16. Brian:

    You calling fishpod "screwball" is like the pot calling the kettle black.

    You want to talk about screwball, let's look at some of the many things you claim on your websites.

    Your insoles can cure anything from headaches to fibromyalgia.


    You claim that you were the first to discover, demonstrate and document how the foot is linked to the knee, pelvis and low back, along with six other ridiculous claims.


    You invented a "Rothbart's Foot Awareness Week".


    And, to top them all, you claim that Anna Nicole Smith died of complications from a severe case of Rothbart's Foot.


    And you are calling someone else a screwball, Brian?! Why don't you just go crawl back under a rock somewhere, Brian.....where you belong.
  17. That paper never would have been published if I had been the reviewer....
  18. Rob Kidd

    Rob Kidd Well-Known Member

    Nor me!
  19. Brian A. Rothbart

    Brian A. Rothbart Well-Known Member

    Hi Rob,

    This paper suggests that a connection does exist between how the foot moves and the position of the cranial bones and atlas. I am surprised that you made a judgment based solely on the abstract.

    The cranial radiographs were taken and read by as board certified orthogonist. The protocol for taking the radiographs followed the format delineated on my website. The dental orthotics were fitted and facial photos were taken by a well respected research dentist.

    The cranial bones moved, clearly seen on the radiographs.

    However, I started this thread in an attempt (that has failed again) to discuss current research on the connection between the feet, innominates and temporal bones (I authored two papers in JAPMA on these links). And the connection between the temporal bones and the occlusion.

    If there are any Posturologists reading this thread, I would be very interested in hearing your opinions.
  20. Rob Kidd

    Rob Kidd Well-Known Member

    I think the best plan ........ is to leave me out of this, altogether
  21. Brian A. Rothbart

    Brian A. Rothbart Well-Known Member

    Hi Rob,

    Now that you have entered this discussion, I would like to hear more about why you feel foot motion can not possibly change the position of the cranial bones and atlas.

    Is it from an anthropological point of view? Do you hold that postpartum, the cranial bones become fused and therefore are unable to move after a certain age. If so, you might find a paper published in Cranio by Smith et. al. that demonstrated that cranial therapy (massage) does change the frontal plane position of the temporal, malar, mastoid and sphenoid bones. Or research done by Sutherland, Retzlaff et al (at the University of Michigan, school of Osteopathy) who publish their research on what they referred to as cranial rhythm which suggests that cranial bone movement does indeed occur (which is the basic tenant of cranial sacral therapy)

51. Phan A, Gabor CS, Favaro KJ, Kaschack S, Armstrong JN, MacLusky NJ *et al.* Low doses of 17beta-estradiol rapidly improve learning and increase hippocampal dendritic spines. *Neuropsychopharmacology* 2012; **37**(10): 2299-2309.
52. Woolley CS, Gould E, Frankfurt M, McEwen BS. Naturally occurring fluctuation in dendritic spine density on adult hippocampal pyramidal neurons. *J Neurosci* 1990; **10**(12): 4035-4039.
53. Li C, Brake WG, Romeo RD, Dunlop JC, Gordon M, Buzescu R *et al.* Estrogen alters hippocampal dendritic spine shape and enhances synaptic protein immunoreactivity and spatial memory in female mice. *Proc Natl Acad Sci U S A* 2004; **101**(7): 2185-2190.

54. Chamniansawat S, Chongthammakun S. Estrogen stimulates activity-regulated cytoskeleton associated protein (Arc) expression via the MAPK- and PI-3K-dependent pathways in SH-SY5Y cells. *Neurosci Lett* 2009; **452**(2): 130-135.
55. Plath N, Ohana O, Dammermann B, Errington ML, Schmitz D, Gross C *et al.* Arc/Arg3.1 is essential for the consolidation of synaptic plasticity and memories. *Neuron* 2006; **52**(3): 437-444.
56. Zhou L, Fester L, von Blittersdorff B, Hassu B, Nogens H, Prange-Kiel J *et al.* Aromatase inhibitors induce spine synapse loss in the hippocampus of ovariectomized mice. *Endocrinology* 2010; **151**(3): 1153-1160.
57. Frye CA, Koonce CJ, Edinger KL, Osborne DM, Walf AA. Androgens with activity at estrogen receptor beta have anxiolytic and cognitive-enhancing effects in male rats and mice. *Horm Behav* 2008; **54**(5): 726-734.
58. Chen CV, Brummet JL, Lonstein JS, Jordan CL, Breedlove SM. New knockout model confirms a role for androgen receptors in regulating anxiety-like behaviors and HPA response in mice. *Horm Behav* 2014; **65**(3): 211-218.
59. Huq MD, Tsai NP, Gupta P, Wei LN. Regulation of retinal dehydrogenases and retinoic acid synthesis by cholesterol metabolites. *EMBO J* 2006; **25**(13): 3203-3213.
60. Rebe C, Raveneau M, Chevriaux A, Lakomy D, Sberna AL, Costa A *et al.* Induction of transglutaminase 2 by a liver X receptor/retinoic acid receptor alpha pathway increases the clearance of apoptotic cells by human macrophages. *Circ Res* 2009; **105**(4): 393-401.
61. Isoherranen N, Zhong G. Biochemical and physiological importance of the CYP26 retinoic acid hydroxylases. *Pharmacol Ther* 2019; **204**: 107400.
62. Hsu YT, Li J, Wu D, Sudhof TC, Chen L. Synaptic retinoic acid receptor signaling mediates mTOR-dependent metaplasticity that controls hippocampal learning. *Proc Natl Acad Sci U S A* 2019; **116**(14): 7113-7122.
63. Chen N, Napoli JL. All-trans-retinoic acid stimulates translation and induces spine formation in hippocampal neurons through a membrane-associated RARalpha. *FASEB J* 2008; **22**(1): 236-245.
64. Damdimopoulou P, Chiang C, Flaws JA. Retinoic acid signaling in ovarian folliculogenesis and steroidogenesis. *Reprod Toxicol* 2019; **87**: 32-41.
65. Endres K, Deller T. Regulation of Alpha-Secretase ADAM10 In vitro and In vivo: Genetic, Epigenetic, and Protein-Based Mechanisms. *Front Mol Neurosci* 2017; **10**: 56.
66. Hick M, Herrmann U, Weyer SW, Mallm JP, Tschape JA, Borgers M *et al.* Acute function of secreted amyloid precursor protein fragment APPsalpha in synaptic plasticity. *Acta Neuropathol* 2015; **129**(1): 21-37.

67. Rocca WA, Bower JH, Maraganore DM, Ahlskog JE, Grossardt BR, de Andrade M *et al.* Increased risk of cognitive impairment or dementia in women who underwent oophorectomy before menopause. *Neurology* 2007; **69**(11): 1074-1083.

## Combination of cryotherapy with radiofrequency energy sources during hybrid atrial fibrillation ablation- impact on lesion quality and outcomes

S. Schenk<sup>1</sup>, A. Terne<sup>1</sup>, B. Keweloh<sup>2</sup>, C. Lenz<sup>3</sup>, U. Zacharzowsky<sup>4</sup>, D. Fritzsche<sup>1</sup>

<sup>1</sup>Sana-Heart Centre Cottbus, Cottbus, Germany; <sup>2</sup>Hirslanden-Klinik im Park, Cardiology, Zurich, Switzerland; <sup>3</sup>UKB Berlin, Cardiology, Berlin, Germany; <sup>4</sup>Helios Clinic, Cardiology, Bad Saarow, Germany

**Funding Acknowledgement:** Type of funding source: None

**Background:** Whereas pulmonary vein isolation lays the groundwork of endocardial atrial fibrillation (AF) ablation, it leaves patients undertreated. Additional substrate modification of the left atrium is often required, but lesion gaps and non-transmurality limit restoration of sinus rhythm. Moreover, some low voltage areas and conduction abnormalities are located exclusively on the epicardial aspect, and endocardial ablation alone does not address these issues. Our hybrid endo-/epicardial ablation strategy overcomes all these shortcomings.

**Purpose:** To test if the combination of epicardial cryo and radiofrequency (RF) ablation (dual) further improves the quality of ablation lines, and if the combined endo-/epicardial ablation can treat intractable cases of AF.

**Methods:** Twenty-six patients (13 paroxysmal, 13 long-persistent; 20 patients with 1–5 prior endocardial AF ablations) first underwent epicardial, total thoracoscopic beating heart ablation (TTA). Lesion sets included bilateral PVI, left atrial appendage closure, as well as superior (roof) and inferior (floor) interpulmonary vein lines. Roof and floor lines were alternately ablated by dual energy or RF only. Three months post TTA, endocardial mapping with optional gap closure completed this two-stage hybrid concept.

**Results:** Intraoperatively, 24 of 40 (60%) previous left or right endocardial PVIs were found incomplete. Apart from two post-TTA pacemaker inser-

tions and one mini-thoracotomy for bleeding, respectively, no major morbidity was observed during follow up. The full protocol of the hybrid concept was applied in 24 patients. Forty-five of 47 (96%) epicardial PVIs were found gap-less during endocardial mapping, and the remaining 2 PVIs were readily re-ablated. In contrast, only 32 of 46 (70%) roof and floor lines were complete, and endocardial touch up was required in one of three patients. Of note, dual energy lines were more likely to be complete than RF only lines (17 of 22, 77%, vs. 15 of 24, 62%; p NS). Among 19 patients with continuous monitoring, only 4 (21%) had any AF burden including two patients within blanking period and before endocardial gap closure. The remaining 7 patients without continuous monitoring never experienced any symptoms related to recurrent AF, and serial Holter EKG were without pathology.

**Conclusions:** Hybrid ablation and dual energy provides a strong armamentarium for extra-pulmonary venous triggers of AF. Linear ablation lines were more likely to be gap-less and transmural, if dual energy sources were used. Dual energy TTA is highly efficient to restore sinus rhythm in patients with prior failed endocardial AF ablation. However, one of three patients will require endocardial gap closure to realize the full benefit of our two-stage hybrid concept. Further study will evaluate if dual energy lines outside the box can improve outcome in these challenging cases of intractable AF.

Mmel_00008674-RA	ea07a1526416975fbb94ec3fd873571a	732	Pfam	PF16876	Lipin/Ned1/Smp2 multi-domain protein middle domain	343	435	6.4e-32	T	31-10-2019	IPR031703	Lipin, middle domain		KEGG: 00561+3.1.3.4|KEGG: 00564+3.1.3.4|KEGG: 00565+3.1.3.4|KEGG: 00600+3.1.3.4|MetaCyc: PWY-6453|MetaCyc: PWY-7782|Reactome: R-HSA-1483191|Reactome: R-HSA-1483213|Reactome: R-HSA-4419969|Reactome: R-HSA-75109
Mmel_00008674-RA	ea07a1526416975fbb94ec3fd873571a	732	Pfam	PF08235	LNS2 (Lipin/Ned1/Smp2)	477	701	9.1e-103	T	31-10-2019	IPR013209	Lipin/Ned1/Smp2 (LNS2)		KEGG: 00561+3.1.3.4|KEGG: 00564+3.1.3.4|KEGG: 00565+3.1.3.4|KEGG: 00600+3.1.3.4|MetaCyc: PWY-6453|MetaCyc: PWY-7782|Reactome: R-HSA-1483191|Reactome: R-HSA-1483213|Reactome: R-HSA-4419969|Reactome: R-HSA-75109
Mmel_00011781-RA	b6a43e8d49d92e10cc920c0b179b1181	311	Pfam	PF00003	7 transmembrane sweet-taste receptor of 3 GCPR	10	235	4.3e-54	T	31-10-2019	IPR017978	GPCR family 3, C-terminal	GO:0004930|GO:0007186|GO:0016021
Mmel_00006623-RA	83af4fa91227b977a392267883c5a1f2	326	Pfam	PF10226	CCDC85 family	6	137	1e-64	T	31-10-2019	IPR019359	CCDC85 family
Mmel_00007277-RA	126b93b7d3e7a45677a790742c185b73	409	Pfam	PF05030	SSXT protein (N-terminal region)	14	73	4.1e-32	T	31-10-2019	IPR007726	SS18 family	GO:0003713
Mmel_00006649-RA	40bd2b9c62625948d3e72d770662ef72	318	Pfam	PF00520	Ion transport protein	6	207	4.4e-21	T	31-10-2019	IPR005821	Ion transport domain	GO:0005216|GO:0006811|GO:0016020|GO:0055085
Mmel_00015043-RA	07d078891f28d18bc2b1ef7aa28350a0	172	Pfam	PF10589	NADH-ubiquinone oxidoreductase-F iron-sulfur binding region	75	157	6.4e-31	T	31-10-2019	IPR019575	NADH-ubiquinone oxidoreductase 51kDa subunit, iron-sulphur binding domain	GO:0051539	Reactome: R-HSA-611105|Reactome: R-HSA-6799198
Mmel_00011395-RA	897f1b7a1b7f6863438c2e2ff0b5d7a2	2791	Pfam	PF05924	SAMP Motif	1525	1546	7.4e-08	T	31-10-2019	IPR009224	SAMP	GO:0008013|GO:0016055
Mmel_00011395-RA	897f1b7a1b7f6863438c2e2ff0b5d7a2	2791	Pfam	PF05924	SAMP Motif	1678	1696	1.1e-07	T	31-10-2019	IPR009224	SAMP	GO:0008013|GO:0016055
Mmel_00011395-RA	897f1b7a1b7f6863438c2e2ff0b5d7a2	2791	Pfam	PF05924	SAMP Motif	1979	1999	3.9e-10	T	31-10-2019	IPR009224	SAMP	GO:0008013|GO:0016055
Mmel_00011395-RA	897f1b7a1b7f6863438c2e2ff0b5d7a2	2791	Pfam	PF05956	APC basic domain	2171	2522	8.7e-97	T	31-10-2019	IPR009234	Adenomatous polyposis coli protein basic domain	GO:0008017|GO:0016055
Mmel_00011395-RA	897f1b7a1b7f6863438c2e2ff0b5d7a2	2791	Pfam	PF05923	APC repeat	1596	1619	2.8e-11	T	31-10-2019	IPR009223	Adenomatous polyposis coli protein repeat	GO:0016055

Or is it that you believe that the motion in the foot, being so distant from the cranial vault, can not possible have any impact on the position of the cranial bones. That would be a difficult position to defend if you were an engineer holding the belief that the position of the foundation has no impact on the position of the roof. And in fact, once my paper is published, it would be difficult to maintain that absolute position.

    In Europe, specifically in France, Italy and Germany, a great deal has been published on the global shifts coming from foot motion. Unfortunately these papers are not written in English. A fact eluded to by Dr Gagey in a previous discussion where he was remiss for the fact that they have not yet published in English journals.

    From your previous publications, I know that you are not a stranger to controversy, especially when you adamantly stated that forefoot varum and valgum are myths, only held onto by Podiatrists. I sure that stance did not endear you among your fellow Podiatrists.

    Podiatrists can, if they choose, to keep their heads buried in the sand ignoring the phlethora of papers being published in Europe on the link between foot motion and postural distortions. But in time, I believe this also will become an untenable position, just like those Podiatrists who still hold onto the belief that structural forefoot varum and forefoot valgum exist and dispense orthotics to treat those conditions.


    Upledger, JE (1995). "Craniosacral therapy". Physical therapy 75 (4): 328–30. PMID 7899490.
    Upledger, JE (1978). "The relationship of craniosacral examination findings in grade school children with developmental problems". The Journal of the American Osteopathic Association 77 (10): 760–76. PMID 659282.
    Upledger, JE; Karni, Z (1979). "Mechano-electric patterns during craniosacral osteopathic diagnosis and treatment". The Journal of the American Osteopathic Association 78 (11): 782–91. PMID 582820
  22. Griff

    Griff Moderator

    Just to repeat my previous unanswered question Brian; could you furnish us with the intra-rater and inter-rater reliability statistics for these measurements please?

    Many thanks
  23. Brian A. Rothbart